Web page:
LOS ANGELES — Bruce Springsteen, Neil Young, Bonnie Raitt, Norah Jones, Jack White and a parade of superstars sang Bob Dylan’s famous words. But it was the words that Dylan uttered himself in an extraordinary, unprecedented, nearly 40-minute straightforward speech about his career, process and critics that made the Grammys’ MusiCares gala Friday night such an historic event.

After former President Jimmy Carter introduced Dylan by talking about how they met during the singer’s Christian period and had discussions about religion and world peace, Dylan shook hands, accepted a trophy and posed for a quick photo. Then he leaned into the podium, a handful of papers in his left hand and read a speech that was at turns insightful, scorching and humorous. It was probably the longest public speech about himself that the fiercely private music icon has given in his career.

Wearing a dark suit, bolo tie and dark brown curls, Dylan spoke clearly to a sold-out audience of 3,000 who helped raise $7 million for MusiCares, Grammy’s charity wing that helps musicians in need. (Newly handwritten lyrics to his “Knockin’ on Heaven’s Door” sold for $100,000 in a live auction.) Dylan explained that he appreciated how MusiCares had helped one of his heroes-turned-friend, Billy Lee Riley who had the 1957 hit “Red Hot,” with health needs, mortgage payments and living expenses for the last several years of his life.

Not only did Dylan lobby for Riley’s induction into the Rock and Roll Hall of Fame, he responded to his detractors, including songwriters and critics. In a speaking voice devoid of Dylanesque rasp and arch, he complained why critics complain about the range of his voice but not about Lou Reed’s or Leonard Cohen’s. He dissed songwriters Tom T. Hall and the team of Leiber and Stoller because they had spoken unfavorably of him.

But Dylan didn’t really come just to unright wrongs, he wanted to thank MusiCares for helping Riley and to thank the 18 singers who interpreted his songs. He also thanked pivotal people in his career including talent scout John Hammond, Joan Baez, Nina Simone and the trio of Peter, Paul & Mary. He also wanted to explain himself in ways that has never been as crystal clear in interviews or even his 2004 memoir, “Chronicles: Vol. 1.”

Trying to shed light on his songwriting process, he cited several favorite songs that were drilled into his mind such as “Key to the Highway” and “John Henry” and how they inspired lines of his own songs such as “Highway 61 Revisited” and “Blowin’ in the Wind,” respectively.

About Peter, Paul & Mary’s version of “Blowin’ in the Wind,” he said: “It’s not the way I would have done it. They straightened it out.” He said the pop success the Byrds and the Turtles had with his songs were “like commercials. I didn’t mind that. Fifty years later my songs are being used in commercials.”

The night was also about his music. Dylan chose the various performers and what songs they would sing, MusiCares senior vice president Kristen Madsen explained in an interview before the event. But unlike all but one of the previous 24 MusiCares honorees, he didn’t perform. (Neither did Pavarotti, who cited illness.) Also he didn’t really attend the show but rather watched on monitors in a TV truck outside the Convention Center.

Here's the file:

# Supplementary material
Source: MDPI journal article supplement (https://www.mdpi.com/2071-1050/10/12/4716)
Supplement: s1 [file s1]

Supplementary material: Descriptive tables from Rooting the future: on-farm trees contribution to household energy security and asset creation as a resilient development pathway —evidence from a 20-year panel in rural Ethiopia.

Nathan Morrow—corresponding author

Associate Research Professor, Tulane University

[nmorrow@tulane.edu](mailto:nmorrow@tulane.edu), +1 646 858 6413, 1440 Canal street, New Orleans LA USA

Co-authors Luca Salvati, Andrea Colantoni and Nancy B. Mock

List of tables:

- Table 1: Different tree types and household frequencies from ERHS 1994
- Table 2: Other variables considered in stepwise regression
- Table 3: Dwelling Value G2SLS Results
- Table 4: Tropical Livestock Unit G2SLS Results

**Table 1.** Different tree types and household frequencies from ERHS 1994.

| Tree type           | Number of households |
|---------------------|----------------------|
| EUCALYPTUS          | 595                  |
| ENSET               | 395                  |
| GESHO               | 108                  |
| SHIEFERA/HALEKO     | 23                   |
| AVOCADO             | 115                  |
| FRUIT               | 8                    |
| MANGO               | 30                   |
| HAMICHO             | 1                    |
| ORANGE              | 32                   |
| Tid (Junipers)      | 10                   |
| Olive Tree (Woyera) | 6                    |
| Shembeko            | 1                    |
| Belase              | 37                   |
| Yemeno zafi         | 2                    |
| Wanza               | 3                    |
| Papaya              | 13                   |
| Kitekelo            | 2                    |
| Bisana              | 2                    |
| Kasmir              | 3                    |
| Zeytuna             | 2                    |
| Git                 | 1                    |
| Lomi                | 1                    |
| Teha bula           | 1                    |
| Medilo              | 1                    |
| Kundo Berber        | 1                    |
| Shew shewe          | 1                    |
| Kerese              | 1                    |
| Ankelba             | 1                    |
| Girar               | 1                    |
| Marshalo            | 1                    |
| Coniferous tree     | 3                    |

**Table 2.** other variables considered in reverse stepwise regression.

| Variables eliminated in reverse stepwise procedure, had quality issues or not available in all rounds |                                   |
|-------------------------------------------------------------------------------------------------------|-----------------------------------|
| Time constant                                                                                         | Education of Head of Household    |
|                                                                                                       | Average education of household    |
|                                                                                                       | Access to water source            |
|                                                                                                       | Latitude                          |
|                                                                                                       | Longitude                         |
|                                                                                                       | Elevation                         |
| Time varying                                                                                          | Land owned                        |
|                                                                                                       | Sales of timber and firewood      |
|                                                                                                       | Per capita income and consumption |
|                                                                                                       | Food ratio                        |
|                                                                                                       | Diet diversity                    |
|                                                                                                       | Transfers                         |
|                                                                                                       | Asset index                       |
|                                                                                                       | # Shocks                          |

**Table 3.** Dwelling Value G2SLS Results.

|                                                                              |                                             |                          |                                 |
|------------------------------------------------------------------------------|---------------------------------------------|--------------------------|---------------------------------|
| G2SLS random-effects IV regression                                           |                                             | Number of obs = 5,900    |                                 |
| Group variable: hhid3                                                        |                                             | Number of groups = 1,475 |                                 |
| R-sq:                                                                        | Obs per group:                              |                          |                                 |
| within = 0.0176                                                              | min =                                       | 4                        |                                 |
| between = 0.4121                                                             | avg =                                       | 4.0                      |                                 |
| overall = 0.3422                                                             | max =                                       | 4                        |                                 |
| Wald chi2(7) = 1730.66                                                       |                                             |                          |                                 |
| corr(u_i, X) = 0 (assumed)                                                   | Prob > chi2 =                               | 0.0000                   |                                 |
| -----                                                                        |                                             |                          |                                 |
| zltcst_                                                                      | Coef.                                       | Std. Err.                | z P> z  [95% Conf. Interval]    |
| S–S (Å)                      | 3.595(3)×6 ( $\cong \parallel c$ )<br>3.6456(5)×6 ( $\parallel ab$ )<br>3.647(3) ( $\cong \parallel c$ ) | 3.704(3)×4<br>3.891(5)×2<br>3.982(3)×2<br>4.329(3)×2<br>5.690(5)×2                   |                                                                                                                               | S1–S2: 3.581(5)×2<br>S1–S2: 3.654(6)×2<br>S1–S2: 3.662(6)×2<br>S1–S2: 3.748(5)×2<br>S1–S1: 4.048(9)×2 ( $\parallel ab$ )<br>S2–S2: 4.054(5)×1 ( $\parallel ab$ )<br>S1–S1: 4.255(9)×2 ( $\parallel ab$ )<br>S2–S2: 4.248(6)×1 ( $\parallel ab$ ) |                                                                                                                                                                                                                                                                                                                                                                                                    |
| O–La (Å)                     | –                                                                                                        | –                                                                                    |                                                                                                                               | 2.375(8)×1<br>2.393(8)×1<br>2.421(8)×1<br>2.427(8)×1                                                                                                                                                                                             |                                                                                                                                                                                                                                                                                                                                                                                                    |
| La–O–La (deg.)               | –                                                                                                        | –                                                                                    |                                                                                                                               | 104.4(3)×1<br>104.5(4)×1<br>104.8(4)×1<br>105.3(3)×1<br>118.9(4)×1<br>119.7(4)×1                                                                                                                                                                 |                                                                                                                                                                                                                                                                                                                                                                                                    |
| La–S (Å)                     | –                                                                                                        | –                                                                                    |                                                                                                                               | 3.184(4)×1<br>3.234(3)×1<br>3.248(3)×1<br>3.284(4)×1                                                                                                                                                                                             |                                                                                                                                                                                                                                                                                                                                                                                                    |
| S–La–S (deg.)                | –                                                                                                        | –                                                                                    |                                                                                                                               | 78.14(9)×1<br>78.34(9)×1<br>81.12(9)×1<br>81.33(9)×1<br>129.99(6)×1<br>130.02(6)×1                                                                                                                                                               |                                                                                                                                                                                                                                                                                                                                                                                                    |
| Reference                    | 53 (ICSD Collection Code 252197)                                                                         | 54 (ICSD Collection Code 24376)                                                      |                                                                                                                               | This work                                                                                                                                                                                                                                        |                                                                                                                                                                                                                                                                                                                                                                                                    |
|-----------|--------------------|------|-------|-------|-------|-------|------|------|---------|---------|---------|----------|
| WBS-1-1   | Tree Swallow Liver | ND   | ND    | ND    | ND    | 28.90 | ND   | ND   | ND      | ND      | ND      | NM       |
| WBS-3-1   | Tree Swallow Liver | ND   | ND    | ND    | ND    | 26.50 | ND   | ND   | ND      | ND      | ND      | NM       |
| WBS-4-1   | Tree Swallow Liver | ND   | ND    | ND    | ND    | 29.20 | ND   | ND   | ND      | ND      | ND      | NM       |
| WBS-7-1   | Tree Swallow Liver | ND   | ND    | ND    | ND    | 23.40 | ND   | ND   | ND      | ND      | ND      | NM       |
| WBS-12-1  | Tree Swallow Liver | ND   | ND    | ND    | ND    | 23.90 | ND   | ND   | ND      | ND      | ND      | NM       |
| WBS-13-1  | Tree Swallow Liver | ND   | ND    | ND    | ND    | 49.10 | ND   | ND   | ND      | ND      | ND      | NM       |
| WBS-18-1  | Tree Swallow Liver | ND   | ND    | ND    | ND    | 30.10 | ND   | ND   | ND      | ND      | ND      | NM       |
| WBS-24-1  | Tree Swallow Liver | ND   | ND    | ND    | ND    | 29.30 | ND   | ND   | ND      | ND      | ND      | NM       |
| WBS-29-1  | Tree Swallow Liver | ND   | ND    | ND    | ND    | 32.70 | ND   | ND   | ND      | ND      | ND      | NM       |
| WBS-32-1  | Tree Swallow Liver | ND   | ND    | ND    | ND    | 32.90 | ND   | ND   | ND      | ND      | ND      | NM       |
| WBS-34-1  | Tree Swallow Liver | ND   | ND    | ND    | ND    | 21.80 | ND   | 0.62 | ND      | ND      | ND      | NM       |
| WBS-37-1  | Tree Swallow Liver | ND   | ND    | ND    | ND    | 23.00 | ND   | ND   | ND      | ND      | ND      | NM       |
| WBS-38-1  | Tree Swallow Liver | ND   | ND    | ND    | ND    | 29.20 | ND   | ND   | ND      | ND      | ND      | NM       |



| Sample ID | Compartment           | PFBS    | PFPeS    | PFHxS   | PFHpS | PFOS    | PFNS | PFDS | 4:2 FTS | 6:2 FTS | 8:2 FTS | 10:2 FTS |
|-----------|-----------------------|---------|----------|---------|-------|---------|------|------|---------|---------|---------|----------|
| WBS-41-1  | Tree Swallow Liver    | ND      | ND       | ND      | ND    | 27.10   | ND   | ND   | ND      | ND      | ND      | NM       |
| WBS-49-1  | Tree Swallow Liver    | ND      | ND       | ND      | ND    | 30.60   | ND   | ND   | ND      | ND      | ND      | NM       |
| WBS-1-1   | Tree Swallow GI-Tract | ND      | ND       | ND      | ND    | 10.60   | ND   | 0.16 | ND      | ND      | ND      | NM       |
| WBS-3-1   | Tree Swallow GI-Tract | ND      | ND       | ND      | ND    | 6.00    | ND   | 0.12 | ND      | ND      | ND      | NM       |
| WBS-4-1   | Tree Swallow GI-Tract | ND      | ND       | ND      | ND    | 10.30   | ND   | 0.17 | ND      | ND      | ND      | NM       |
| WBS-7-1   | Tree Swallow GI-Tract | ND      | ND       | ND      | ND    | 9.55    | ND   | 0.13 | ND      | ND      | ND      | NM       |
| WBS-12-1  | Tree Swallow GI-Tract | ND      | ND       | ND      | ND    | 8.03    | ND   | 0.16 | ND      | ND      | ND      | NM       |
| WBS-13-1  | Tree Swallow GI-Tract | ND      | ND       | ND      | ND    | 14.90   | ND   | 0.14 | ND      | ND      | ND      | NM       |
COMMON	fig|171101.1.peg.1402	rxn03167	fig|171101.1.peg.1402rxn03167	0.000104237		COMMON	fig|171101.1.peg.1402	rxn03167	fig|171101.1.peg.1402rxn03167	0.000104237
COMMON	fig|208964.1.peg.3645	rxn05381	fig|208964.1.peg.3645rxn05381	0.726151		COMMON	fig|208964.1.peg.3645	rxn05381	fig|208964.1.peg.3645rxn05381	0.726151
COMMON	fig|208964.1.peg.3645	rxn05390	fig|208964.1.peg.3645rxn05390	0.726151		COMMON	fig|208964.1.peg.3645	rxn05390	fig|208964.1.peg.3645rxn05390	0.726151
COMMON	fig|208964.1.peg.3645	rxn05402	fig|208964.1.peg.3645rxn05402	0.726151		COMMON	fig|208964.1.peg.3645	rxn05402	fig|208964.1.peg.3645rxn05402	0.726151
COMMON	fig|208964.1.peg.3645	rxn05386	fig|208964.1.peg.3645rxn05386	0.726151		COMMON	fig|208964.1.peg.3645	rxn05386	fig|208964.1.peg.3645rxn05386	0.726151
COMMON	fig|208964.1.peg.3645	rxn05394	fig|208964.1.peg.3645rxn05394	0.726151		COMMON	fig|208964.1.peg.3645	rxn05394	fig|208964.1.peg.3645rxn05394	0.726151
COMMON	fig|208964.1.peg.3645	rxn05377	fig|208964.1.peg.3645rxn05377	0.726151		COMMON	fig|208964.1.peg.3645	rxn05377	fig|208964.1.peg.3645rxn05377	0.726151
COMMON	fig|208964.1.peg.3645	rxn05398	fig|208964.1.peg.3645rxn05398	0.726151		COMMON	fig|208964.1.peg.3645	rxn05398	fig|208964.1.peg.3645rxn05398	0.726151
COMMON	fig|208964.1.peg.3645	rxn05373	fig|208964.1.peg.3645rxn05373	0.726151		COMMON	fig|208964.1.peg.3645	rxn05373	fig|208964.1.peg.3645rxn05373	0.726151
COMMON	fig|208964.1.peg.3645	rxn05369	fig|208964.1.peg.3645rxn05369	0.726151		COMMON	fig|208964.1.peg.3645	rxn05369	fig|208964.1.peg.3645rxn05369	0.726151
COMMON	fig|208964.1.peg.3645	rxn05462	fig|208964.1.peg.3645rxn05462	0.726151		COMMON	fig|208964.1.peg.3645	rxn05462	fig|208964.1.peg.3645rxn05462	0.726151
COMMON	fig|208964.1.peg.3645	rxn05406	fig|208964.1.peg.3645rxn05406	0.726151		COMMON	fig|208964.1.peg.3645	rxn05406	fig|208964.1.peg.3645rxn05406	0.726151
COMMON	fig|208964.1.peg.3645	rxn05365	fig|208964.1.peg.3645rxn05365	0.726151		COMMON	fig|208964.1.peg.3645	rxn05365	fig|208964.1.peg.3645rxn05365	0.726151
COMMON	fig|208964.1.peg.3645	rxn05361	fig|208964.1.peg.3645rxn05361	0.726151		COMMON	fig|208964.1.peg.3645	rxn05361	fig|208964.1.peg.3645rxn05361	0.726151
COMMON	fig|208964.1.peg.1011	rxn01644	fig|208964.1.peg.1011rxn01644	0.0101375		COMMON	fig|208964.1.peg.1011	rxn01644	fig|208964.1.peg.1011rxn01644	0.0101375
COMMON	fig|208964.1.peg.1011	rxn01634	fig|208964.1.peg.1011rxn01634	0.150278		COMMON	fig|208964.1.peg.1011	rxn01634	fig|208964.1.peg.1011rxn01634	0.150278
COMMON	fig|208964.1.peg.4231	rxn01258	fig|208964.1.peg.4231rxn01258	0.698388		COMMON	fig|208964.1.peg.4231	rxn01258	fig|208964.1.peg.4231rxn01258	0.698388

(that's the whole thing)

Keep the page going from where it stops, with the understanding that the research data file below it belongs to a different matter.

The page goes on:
Beck kicked off the 2½-hour program with an aggressive tribal blues treatment of “Leopard-Skin Pill-Box Hat.” Los Lobos gave “On a Night Like This” a Mexican flavor with some verses in Spanish set to a uptempo party vibe. After a false start because he couldn’t read the TelePrompter at the back of the arena-long ballroom, Willie Nelson eventually delivered a simmering “Senor.”

Jackson Browne offered the obscure gem “Blind Willie McTell” on a revolving stage in the middle of the room.Performing on a stage decorated with the chandeliers and old-movie spotlights that Dylan has been using on his current tour, Jack White spiked “One More Cup of Coffee” with some lacerating guitar. Tom Jones gave a reverent reading of “What Good Am I.” Springsteen contrasted quiet singing on “Knockin’ on Heaven’s Door” with roaring guitars, from both him and Tom Morello.

Norah Jones went totally Texas on the jazzy, sexy “I’ll be Your Baby Tonight” with some musical flirting courtesy of harmonica ace Mickey Raphael from Nelson’s band. Raitt put the heartache in “Standing in the Doorway.” Crosby, Stills & Nash harmonized on “Girl from the North Country.”

There were a few efforts that fell short. Aaron Neville didn’t sound emotionally invested in “Shooting Star,” Alanis Morissette couldn’t keep up with the tongue-twisting pace of “Subterranean Homesick Blues” and John Doe got out-sung by the female backup singers on “Pressing On.” There were taped tributes from Jeff Bridges, Josh Brolin and Garth Brooks.

The musical high point in a night of many highlights was probably John Mellencamp’s interpretation of “Highway 61 Revisited”; with a vocal tone and timbre that channeled Tom Waits’, he made this usually scorching rocker into a blues dirge. Never has Mellencamp sounded so artful.

And never has Dylan been so talkative about himself in public. 

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